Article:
Articles | Volume 13, issue 1
© Author(s) 2022. This work is distributed underthe Creative Commons Attribution 4.0 License.
Weakened impact of the Atlantic Niño on the future equatorial Atlantic and Guinea Coast rainfall
- Final revised paper (published on 31 Jan 2022)
- Supplement to the final revised paper
- Preprint (discussion started on 18 Aug 2021)
Comment types: AC – author | RC – referee | CC – community | EC – editor | CEC – chief editor |
: Report abuse
RC1: 'Comment on esd-2021-46', Anonymous Referee #1, 14 Sep 2021
- AC1: 'Reply on RC1', Koffi Worou, 18 Nov 2021
RC2: 'Comment on esd-2021-46', Anonymous Referee #2, 17 Sep 2021
- AC2: 'Reply on RC2', Koffi Worou, 18 Nov 2021
RC3: 'Comment on esd-2021-46', Anonymous Referee #3, 17 Sep 2021
- AC3: 'Reply on RC3', Koffi Worou, 18 Nov 2021
RC4: 'Comment on esd-2021-46', Anonymous Referee #4, 20 Sep 2021
- AC4: 'Reply on RC4', Koffi Worou, 18 Nov 2021
RC5: 'Comment on esd-2021-46', Anonymous Referee #5, 01 Oct 2021
- AC5: 'Reply on RC5', Koffi Worou, 18 Nov 2021
Peer review completion
AR: Author's response | RR: Referee report | ED: Editor decision
ED: Publish subject to technical corrections (08 Dec 2021) by Govindasamy Bala
AR by Koffi Worou on behalf of the Authors (24 Dec 2021)  Author's response Manuscript
In my view, the paper is within the scope of ESD and presents some interesting new findings, however, there are some questions that I would like to authors to address to improve the presentation.
Abstract: I feel that it is too long and would suggest that you shorten it. For instance, discussions of the Saharan Low can go and the discussions of the Bjerknes feedback more focused.
L.20: I don’t understand how upper-level subsidence leads to the little dry season.
L.25: Does the little dry season occur in AMJ? One should expect this to correspond to the period between the double rainfall peaks?
L.40: Jouanno et al 2017 is just one of the numerous papers that discussed the Bjerknes feedback, so I don’t understand why this paper is presented as the final say. I think the point is that several processes drive the Atlantic Niño variability. The next paragraph, the upper-level links to the Indian and Pacific Oceans need to be better explained.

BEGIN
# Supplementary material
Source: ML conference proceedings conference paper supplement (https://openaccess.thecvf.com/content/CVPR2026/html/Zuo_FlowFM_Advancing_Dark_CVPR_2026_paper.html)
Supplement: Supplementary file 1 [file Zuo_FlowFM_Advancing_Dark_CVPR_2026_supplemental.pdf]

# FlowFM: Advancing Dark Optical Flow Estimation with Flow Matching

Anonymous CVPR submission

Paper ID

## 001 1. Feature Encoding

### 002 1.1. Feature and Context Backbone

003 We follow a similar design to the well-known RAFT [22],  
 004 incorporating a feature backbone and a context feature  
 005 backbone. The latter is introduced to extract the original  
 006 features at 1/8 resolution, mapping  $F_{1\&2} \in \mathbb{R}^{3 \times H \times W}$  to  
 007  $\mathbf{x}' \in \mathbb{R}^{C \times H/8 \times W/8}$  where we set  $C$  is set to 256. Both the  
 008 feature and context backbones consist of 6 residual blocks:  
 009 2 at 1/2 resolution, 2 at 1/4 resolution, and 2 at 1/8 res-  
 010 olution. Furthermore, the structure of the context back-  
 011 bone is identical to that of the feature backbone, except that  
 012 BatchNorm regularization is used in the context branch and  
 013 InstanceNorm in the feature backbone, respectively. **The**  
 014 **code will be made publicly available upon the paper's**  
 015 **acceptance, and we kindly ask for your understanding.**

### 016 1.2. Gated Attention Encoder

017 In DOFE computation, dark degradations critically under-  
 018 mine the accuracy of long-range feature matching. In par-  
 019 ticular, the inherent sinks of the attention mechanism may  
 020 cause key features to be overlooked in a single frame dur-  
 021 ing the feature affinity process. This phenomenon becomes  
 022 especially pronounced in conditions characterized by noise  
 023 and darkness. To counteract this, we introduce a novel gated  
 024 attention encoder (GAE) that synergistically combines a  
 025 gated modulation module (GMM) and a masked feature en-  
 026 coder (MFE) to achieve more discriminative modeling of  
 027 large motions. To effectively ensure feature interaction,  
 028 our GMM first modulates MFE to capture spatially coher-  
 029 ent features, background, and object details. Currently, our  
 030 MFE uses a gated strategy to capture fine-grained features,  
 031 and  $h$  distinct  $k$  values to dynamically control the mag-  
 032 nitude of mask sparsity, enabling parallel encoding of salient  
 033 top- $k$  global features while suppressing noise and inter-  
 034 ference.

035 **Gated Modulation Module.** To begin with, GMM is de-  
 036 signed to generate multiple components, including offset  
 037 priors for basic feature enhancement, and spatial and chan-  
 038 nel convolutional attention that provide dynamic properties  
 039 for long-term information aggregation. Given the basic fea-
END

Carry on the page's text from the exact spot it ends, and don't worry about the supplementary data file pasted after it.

L.50: What destructive interference means or how it operates is not clear at all.
L.55: I don’t think that the discussion “...temperature and precipitation over the globe” is necessary here. I’d suggest that you remove that and keep the flow focused on the equatorial Atlantic.
L.100: Is it “realistic” or observed natural and anthropogenic forcing?
L.105: “These latter simulations…” Do you mean SSP-85?
L.115: Please use one rainfall, SST etc data to compare with the models. Comparing multiple observations is unnecessary and it makes following your discussions difficult.
L.130: Why do you use quadratic detrending, are the trends quadratic? I ask because we are more used to linear trends. More explanation is needed here.
Table 2: I don’t find the numerous acronyms here very useful and they can as well cause more confusion, given that we have the model names to deal with. Atl3 is widely known as the SST anomalies (well, or some other quantities) averaged in the Atlantic Niño region defined as 0-20W, 3N-3S; so it’s not necessary to introduce a new definition ATL3B. Why define TAB1, TAB2 when there are well known regions like Atl4, tropical North Atlantic (TNA) and tropical South Atlantic (TSA)?
Data and methods section: For easy navigation, I would suggest splitting this section, for instance “Data”, “CMIP6 Models”, “Analysis strategy” or something similar
section 3: I don’t find the line plots and discussions of bimodal structure and annual cycle necessary and I suggest that you remove these. I consider the question of annual cycles and seasonality as a separate question. Since this study is about JAS, it is enough to briefly describe the JAS patterns and biases and move to the Atlantic Niño related SST and rainfall and their future changes.